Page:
Radiant; Black and White.

By Jo Phillips

The silver screen sirens are still considered to be some of the most beautiful women in the world of film. The icons of cinema’s golden age (late 1920s all the way to the mid-1960s) was when glamour was, not only called for but spread large across the movie vista.

There was no holding back in those days of black and white celluloid (1920s 30s and 40s); glossy flowing locks tweezed and curled to perfection and skin glistening with makeup. Chiaroscuro at its best. Women were celebrated, loved and idolised for their glamour.

People flocked to see these larger than life beauties and celebrated the most angelic-looking or even ‘baddies’, all of whom were representative of the facets of womanhood in this noir world of cinema.

Ava Gardner

The light and dark shades of chiaroscuro, always most striking in black and white, were at their best in these films. The makeup showed off a sharp cheekbone, a carved face, a graceful jawline to its absolute best, it’s most glamorous and it’s most sublime. These women, rare starlets, were held in the highest regard as the most beautiful women on earth, by the Studios as much as the fans.

Shimming, colour, shade, as well as technical lighting, brought the most out of each face. Those sirens, clever enough to knew what sort of light would show the best of them, worked directly with lighting-cameramen. This noir lighting set off cheekbones so sharply, it looked as though you could cut cheese on them. The use of powders that gave a shimmer to the face also contributed to the aura of sainthood, of unreal angelic proportions. Makeup was used to build the beauty but also the character, it was a well-known tool in the making of a true star and the building of an Oscar-winning character performance.

Joan Crawford

“Women think of all colours except the absence of colour. I have said that black has it all. White too. Their beauty is absolute. It is the perfect harmony.” Gabrielle Chanel.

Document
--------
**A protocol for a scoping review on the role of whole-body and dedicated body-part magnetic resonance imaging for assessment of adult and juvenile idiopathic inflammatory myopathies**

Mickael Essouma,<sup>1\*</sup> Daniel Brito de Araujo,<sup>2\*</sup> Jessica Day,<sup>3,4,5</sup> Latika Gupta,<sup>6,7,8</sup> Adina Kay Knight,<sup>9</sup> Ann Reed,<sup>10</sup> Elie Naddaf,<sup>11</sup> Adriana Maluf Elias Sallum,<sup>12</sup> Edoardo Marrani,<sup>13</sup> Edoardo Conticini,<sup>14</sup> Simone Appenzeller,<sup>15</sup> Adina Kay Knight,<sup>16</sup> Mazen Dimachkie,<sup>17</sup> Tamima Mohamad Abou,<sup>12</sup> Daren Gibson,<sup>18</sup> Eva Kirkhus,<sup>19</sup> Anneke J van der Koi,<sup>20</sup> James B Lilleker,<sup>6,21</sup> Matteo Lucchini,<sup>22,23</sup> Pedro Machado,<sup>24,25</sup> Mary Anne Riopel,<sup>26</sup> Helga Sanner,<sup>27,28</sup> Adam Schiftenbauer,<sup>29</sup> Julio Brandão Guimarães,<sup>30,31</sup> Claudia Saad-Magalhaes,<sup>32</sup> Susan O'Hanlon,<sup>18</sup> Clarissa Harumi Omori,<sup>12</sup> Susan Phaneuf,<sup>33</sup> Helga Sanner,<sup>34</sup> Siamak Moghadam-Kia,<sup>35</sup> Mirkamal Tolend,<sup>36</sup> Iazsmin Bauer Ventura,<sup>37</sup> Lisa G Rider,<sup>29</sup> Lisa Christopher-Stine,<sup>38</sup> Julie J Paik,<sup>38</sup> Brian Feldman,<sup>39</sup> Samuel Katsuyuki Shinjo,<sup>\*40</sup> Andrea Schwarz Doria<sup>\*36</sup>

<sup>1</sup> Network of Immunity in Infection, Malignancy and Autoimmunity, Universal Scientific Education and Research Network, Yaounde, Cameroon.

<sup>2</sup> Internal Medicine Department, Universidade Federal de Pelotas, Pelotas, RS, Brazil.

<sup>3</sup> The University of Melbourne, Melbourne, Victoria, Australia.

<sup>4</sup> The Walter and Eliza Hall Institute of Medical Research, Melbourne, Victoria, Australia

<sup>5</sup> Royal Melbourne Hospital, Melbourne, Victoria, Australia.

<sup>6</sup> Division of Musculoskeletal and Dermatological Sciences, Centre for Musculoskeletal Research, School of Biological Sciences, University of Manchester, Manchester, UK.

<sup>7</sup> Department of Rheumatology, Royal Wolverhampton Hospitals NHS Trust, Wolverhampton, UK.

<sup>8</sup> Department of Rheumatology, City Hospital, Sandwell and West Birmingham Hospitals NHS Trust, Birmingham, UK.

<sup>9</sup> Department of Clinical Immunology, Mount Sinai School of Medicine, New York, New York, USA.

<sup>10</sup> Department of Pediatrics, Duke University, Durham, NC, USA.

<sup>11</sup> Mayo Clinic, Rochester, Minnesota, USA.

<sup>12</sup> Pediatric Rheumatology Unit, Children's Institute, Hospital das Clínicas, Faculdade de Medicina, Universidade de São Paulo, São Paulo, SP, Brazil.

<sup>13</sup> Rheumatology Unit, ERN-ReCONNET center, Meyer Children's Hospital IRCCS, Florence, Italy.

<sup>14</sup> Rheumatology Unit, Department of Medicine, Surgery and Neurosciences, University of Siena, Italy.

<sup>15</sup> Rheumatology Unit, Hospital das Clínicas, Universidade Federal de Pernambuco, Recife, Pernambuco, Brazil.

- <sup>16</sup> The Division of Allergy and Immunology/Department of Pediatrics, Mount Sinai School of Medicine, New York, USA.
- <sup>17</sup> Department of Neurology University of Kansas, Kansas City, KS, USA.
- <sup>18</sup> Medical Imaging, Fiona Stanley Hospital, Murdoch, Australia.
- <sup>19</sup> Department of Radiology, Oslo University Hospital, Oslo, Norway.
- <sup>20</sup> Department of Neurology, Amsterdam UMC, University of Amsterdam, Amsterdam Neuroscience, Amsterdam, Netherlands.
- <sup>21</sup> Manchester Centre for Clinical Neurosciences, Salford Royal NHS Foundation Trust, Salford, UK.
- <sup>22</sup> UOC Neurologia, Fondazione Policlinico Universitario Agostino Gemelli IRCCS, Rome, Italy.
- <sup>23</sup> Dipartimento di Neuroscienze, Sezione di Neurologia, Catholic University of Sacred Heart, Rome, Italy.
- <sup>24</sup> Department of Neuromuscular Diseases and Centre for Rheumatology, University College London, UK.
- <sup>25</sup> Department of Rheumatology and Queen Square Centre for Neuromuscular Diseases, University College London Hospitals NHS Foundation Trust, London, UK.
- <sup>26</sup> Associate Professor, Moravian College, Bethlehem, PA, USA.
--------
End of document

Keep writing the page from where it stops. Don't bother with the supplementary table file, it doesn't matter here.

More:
The black and white era of cinema greatly influenced Coco Chanel. “Noir” and “Blanc,” the absolute staples of the house of Gabrielle Chanel are still an enduring signature today. This A/W19, black and white are explored and reinterpreted by Lucia Pica, CHANEL Global Creative Makeup and Colour Designer, for her latest beauty collection.

Starting with the eye palettes, LES 4 OMBRES is built around film noir called Modern Glamour. Consisting of white and shades of grey, from light to darkest, it creates those facets to highlight and shade for dramatic ‘peepers’. Noir Supreme contains a satiny khaki copper brown, a subtle purply intense grey, a deep matte garnet burgundy and a dark brown, again bringing to mind light and dark, love and despair, good and evil.

Elizabeth Taylor

“I wanted to reinvigorate and rejuvenate LES 4 OMBRES. The creamy velvet texture and the intense pigmentation should give a feeling of new depth and penetration as well as a sense of cinematic or photographic shades.” Lucia Pica

The eyeliner comes in a soft grey-white or intense black, waterproof of course to hide those crocodile tears. Even the lip gloss comes in a deep black cherry or sparkly see-through.

Lauren Bacall

Don’t forget the nails! Pure Black and Pure White here for this season in optic opaque white and intense black because the hands must also express emotion on screen.

And for that final dramatic touch: lips. Lips are what speak the words, constructing the narrative, bringing to life the good, the bad and the ugliest of all plot lines. Rouge allure liquid powder comes in two shades: Timeless, a light caramel beige, and Bois de Nuit, a light warm rosewood. Rouge allure velvet extreme is matt and also comes in two shades: Rose Nocturne, a medium mauve rosebud, and Rouge Obscur, a deep burgundy. Both ranges create lips as dramatic as the lips of Lauren Bacall, the plushest and sensual of mouths.

Lauren Bacall

“There is an idea of extreme fantasy as well as reality in this collection, of something very stylized or delineated while embracing the day-to-day. There is a certain palpability to the texture; it is so real it becomes part of your skin. At the same time, the sparkle hovers above it, becoming almost like an aura, a kind of glamour seen in films.” Lucia Pica

Think of the tones, think of the shades, think dark and light and how they can be painted onto a face for an extremely dazzling effect. This collection creates in every woman the opportunity to be her own heroine of whatever screen she chooses.


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